NFL free agency and the draft are soon approaching. This will introduce a new class of rookies to the league as well as put some new faces in new places. When these events happen, the trickle-down results will be significant.
It’s inevitable that some rookies will oust veterans from their jobs. Meanwhile, players signed to new teams in free agency will threaten other guys’ jobs that aren’t exactly stable.
With moving and shifting soon to occur, here are 12 veterans who should be feeling nervous about their job security this fall.
Ryan Tannehill, quarterback, Miami Dolphins
Tannehill is expected to be the team’s starting quarterback, according to head coach Adam Gase. But after a bad season and barely escaping getting fired, Gase also said the Dolphins are considering drafting a quarterback with pick No. 11. It just so happens this year’s draft class is loaded with several noteworthy quarterbacks.
It is also worth mentioning that Tannehill has not played an official NFL game since December of 2016. So, he will attempt to keep his starting job after he scrapes off all of the rust. Back-to-back knee surgeries are not exactly easy to overcome. As a starter in Miami, the former first-rounder from 2012 boasts a 37-40 record.
Kyle Williams, defensive tackle, Buffalo Bills
Age and declining production should have Williams playing to save is NFL career this fall. Williams will be 35 in June and the Bills said they plan to have him back. But, the veteran will need to keep knocking on wood that he stays healthy as he competes against his younger teammates.
Williams’ sack count declined from five sacks in 2016 to just three last season. His combined tackles went down to 41 from 64 the year before, too. For now it is nice that the Bills have committed to Williams. Soon enough, we will see how much gas he still has in his tank. He was selected by Buffalo in the fifth round of the 2006 draft.
Lamar Miller, running back, Houston Texans
Currently, Miller should be worried about his starting job. He rushed for a career-low 3.7 yards per carry and scored only three rushing touchdowns in 2017. Fortunately, he added three scores through the air to offset those dismal stats.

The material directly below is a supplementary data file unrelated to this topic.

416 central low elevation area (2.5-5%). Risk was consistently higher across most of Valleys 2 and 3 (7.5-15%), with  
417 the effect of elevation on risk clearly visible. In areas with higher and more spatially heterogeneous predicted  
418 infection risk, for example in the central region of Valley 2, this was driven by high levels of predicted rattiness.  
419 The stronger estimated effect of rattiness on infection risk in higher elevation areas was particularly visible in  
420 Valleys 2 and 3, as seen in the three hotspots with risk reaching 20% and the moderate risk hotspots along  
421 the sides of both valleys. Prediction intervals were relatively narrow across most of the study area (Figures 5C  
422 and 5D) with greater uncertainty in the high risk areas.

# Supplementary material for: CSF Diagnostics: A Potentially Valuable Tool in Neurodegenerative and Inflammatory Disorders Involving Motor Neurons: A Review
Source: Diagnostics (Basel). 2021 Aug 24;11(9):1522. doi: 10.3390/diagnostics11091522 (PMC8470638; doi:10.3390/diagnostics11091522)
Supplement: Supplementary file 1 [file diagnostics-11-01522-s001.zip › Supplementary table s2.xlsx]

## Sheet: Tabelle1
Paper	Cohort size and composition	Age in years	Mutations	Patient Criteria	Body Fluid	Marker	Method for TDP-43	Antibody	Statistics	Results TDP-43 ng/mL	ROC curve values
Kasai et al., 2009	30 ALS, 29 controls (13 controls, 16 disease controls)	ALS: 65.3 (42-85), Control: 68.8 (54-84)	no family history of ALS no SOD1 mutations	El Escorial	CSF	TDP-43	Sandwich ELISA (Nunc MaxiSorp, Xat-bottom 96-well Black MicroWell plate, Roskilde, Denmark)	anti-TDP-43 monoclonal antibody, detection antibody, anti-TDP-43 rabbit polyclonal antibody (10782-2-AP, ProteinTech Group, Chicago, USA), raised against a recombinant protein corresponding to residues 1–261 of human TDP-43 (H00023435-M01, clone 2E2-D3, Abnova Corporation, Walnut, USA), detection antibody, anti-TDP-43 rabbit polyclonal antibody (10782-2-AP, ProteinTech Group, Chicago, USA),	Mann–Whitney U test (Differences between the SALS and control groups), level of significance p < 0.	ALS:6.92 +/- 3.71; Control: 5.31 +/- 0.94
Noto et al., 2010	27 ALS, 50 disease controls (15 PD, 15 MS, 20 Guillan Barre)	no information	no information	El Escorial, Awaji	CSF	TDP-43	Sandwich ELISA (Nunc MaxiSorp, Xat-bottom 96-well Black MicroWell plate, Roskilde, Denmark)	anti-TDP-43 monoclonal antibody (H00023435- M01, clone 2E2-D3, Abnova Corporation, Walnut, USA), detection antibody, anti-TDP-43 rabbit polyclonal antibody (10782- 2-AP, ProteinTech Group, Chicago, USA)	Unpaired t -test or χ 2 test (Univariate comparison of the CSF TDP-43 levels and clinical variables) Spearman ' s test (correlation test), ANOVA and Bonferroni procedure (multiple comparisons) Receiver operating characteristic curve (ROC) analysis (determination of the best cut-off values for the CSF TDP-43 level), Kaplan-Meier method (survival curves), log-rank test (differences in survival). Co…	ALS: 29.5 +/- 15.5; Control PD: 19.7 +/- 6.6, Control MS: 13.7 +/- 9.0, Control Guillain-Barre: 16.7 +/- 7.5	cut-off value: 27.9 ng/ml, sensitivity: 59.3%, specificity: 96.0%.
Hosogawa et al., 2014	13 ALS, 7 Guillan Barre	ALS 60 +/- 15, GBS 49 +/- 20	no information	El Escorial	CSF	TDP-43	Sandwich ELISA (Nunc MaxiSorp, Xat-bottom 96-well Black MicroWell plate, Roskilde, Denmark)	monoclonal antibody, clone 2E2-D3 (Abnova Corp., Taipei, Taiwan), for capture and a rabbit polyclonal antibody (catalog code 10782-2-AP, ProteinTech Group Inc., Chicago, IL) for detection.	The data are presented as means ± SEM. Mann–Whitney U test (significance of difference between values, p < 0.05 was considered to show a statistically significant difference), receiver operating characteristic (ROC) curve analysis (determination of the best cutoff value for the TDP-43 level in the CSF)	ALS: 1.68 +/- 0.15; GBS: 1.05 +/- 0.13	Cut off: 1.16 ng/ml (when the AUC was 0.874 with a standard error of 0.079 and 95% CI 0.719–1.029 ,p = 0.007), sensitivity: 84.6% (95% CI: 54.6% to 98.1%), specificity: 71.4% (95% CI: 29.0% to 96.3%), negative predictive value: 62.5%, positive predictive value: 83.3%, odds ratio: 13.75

But, if Miller continues to slip down the ranks when he begins competing with second-year rusher D’Onta Foreman, that would be troubling. Foreman outplayed Miller when he averaged 4.2 yards per carry on 78 attempts in 2017.
Miller has two more years left on his contract which will pay him $14 million total over this period. He would definitely become a candidate for early release should he be outpaced again by Foreman.
Teddy Bridgewater, quarterback, to be determined
Bridgewater has been out of the game for a long time and has not started since his 2015 campaign with the Minnesota Vikings. Though, as free agency inches closer, there should be some teams — the New York Jets for one — that will reach out to the 25-year-old quarterback.
Despite a grizzly knee injury that prevented him from playing for nearly two seasons, Bridgewater will enter free agency with no health restrictions. Should a team take a chance on him, Bridgewater will have to prove that he’s still starting quarterback material. He has a 17-11 record, but has also thrown 22 interceptions compared to just 28 passing touchdowns between 2014-17.
Dez Bryant, wide receiver, Dallas Cowboys
Bryant’s current situation with his team is a sticky one to say the least. But, whether it is in Dallas that Bryant continues to play or another team this fall, he must revamp his game.
Across the board, Bryant’s numbers have taken a huge cliff dive since he signed a very lucrative extension with Dallas in 2015. He has not topped 1,000 yards or scored double-digit touchdowns since 2014.
If the Cowboys decide to make their finances work with Bryant and keep him around in 2018, he cannot have another lagging year. If he lands on a new team, Bryant has his work cut out to prove all of the doubters wrong.
NaVorro Bowman, linebacker, Oakland Raiders
After trade rumors surfaced, Bowman was released by the San Francisco 49ers and signed by the Oakland Raiders last October. There, he started in 10 games and recorded 38 combined tackles. Turning 30 later in March, the hope for Bowman is that he re-signs with the Raiders. Defensive coordinator Paul Guenther says he wants Bowman back.